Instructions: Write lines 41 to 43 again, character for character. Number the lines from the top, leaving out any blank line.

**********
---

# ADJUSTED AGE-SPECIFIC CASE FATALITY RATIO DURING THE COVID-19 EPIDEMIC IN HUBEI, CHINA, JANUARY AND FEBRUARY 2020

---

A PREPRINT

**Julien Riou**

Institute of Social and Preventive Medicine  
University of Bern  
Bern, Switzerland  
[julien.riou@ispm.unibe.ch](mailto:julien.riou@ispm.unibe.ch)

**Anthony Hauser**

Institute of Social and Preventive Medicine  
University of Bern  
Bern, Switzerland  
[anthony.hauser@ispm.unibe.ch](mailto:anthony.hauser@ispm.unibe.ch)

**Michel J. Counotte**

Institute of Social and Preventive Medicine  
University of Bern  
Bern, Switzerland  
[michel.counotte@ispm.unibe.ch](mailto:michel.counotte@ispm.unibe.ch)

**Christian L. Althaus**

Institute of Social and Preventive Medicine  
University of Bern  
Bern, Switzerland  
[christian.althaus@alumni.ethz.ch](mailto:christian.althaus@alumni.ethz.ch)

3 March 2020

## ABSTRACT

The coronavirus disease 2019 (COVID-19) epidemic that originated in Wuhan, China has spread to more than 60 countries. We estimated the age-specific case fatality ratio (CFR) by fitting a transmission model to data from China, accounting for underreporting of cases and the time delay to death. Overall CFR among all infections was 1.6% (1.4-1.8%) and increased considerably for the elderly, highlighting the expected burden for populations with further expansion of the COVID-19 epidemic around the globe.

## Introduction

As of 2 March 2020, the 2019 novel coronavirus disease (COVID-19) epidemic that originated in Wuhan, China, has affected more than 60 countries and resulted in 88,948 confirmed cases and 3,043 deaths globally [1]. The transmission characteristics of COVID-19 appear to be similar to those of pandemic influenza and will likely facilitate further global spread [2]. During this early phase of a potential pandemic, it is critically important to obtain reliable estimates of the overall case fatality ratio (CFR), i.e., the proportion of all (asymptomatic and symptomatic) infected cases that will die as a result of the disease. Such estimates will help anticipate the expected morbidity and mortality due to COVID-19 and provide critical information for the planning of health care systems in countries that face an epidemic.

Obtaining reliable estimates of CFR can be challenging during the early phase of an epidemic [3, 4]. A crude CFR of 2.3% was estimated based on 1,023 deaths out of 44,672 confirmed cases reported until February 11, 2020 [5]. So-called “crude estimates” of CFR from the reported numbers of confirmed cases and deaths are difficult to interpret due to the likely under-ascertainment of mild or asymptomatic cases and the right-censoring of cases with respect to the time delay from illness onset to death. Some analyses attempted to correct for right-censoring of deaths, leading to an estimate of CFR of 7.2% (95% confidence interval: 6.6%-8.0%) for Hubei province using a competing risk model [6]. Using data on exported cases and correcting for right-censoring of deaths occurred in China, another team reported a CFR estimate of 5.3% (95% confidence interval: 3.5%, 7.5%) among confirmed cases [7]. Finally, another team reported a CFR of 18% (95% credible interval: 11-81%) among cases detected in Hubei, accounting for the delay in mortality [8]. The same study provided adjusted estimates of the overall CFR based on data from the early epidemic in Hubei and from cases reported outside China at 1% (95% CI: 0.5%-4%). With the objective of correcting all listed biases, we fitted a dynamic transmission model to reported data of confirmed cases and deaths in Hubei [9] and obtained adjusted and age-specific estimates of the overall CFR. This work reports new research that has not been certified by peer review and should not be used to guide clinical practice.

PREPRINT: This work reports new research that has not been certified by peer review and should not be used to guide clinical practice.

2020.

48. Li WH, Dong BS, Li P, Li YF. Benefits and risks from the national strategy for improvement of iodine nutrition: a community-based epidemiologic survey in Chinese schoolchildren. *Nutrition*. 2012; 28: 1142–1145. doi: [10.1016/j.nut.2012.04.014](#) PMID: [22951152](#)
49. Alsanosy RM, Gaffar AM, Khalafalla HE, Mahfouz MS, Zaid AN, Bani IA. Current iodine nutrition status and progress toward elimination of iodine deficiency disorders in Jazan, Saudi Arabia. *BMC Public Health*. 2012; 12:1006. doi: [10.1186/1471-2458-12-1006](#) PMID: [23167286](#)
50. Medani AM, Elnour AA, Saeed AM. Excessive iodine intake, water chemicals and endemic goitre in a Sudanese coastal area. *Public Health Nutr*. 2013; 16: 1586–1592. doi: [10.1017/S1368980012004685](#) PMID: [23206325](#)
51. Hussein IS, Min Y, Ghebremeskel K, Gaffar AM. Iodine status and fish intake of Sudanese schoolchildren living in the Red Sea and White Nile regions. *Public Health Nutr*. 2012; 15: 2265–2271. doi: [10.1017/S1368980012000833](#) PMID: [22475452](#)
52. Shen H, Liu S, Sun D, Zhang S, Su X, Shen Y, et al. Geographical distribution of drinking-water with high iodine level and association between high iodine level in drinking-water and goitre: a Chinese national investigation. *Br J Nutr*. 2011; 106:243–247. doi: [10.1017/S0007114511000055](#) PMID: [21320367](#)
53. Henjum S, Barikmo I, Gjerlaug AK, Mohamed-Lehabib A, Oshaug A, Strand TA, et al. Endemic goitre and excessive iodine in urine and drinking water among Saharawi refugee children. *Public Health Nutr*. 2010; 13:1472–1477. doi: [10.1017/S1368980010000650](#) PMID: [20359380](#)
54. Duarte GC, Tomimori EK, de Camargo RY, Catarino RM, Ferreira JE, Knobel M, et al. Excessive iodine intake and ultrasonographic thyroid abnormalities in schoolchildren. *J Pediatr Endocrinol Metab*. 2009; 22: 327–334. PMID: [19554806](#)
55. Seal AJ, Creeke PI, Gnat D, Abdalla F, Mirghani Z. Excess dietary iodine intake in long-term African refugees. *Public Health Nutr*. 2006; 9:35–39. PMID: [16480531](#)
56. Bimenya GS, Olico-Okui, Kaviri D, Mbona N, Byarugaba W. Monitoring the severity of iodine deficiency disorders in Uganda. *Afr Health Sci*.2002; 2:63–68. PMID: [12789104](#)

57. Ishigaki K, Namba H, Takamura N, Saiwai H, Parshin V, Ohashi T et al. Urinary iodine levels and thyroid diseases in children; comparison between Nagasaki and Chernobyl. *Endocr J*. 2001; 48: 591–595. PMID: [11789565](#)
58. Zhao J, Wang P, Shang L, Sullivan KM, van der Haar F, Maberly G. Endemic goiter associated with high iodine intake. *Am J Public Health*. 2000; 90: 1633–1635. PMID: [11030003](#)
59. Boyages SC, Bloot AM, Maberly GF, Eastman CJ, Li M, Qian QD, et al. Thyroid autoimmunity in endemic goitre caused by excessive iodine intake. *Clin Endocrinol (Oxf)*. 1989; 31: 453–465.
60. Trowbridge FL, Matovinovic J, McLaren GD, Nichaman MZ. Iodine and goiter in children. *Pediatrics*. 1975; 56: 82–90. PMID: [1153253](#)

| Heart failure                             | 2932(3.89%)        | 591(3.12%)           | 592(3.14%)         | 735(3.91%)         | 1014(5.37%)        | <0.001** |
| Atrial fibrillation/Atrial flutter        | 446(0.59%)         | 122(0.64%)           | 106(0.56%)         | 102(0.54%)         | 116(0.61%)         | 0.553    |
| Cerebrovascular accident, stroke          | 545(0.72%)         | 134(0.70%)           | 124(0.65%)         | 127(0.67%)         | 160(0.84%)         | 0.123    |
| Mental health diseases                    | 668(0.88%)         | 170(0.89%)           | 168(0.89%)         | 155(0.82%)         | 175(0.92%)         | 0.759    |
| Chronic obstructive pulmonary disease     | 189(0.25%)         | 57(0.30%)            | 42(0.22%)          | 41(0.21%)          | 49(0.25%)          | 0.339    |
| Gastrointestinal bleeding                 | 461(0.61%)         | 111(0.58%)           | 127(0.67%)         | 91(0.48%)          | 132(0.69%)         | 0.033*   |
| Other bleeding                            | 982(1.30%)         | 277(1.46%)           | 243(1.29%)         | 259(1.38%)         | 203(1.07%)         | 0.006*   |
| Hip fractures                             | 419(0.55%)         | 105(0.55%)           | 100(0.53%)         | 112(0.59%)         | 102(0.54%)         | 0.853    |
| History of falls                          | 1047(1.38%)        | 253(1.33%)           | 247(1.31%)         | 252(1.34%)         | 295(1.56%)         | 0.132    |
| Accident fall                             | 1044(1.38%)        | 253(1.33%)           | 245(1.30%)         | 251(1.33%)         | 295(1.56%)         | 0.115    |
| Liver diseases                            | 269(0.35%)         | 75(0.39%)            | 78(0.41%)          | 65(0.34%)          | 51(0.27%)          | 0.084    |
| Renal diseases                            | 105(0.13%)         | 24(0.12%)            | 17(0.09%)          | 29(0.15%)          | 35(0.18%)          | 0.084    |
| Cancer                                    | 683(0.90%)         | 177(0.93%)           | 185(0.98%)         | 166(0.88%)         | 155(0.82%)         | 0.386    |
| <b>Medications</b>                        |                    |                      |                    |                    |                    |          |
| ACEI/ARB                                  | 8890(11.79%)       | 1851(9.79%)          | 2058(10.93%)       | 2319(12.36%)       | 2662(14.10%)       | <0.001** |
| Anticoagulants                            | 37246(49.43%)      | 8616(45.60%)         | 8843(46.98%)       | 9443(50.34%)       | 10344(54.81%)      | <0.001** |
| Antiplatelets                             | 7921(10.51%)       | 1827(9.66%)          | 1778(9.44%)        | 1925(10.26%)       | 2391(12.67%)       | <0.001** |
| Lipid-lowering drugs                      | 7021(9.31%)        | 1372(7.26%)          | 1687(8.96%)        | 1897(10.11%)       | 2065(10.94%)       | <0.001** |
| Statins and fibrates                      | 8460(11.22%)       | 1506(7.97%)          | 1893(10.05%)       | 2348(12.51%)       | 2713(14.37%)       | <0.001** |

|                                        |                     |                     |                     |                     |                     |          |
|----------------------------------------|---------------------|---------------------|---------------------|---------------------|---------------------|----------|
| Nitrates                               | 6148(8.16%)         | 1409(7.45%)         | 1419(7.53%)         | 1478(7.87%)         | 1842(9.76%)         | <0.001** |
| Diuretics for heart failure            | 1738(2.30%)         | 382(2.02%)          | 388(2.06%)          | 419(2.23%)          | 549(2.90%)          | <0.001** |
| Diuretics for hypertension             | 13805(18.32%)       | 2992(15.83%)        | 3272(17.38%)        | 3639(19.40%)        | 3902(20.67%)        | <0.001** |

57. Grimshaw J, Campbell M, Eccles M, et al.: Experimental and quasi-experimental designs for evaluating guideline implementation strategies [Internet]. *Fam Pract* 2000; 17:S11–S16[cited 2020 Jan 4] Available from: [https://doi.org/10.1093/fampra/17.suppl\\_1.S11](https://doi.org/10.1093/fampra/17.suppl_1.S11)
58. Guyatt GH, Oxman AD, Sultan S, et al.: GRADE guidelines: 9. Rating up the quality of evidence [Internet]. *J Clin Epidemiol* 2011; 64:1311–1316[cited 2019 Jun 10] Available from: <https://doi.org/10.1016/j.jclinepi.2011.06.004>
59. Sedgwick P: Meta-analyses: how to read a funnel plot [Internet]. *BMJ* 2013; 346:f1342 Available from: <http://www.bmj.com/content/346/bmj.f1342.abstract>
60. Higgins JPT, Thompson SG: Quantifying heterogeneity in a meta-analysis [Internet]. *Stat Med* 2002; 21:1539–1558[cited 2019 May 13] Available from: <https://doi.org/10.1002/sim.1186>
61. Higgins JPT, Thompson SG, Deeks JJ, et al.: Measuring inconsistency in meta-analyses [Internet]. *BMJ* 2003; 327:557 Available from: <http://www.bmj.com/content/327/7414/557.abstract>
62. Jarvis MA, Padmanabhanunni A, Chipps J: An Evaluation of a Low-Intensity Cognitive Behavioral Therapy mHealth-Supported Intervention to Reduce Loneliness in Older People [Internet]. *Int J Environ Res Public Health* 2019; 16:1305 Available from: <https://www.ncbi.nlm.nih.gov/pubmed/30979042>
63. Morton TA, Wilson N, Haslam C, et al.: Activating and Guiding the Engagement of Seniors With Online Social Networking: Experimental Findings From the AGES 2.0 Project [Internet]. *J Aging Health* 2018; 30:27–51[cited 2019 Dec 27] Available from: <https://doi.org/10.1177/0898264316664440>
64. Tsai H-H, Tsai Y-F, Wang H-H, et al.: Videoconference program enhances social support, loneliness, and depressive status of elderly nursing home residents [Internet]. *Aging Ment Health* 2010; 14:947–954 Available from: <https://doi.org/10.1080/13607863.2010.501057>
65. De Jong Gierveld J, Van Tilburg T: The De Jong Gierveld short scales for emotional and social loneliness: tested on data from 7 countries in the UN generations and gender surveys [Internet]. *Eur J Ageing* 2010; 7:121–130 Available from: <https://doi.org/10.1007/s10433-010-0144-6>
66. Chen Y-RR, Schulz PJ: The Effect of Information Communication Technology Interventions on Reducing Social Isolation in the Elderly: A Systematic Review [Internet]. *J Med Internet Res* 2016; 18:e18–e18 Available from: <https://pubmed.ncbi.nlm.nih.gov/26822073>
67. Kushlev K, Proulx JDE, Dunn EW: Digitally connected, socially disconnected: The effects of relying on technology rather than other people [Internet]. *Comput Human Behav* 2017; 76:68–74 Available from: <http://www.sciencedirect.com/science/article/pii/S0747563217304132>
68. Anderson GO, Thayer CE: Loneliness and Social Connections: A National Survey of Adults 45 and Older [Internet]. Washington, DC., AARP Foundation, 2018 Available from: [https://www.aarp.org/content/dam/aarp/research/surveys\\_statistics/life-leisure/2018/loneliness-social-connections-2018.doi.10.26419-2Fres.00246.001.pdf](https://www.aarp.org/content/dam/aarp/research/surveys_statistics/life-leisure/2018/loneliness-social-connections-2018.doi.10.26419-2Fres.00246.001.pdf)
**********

56. Bimenya GS, Olico-Okui, Kaviri D, Mbona N, Byarugaba W. Monitoring the severity of iodine deficiency disorders in Uganda. *Afr Health Sci*.2002; 2:63–68. PMID: [12789104](#)

57. Ishigaki K, Namba H, Takamura N, Saiwai H, Parshin V, Ohashi T et al. Urinary iodine levels and thyroid diseases in children; comparison between Nagasaki and Chernobyl. *Endocr J*. 2001; 48: 591–595. PMID: [11789565](#)
58. Zhao J, Wang P, Shang L, Sullivan KM, van der Haar F, Maberly G. Endemic goiter associated with high iodine intake. *Am J Public Health*. 2000; 90: 1633–1635. PMID: [11030003](#)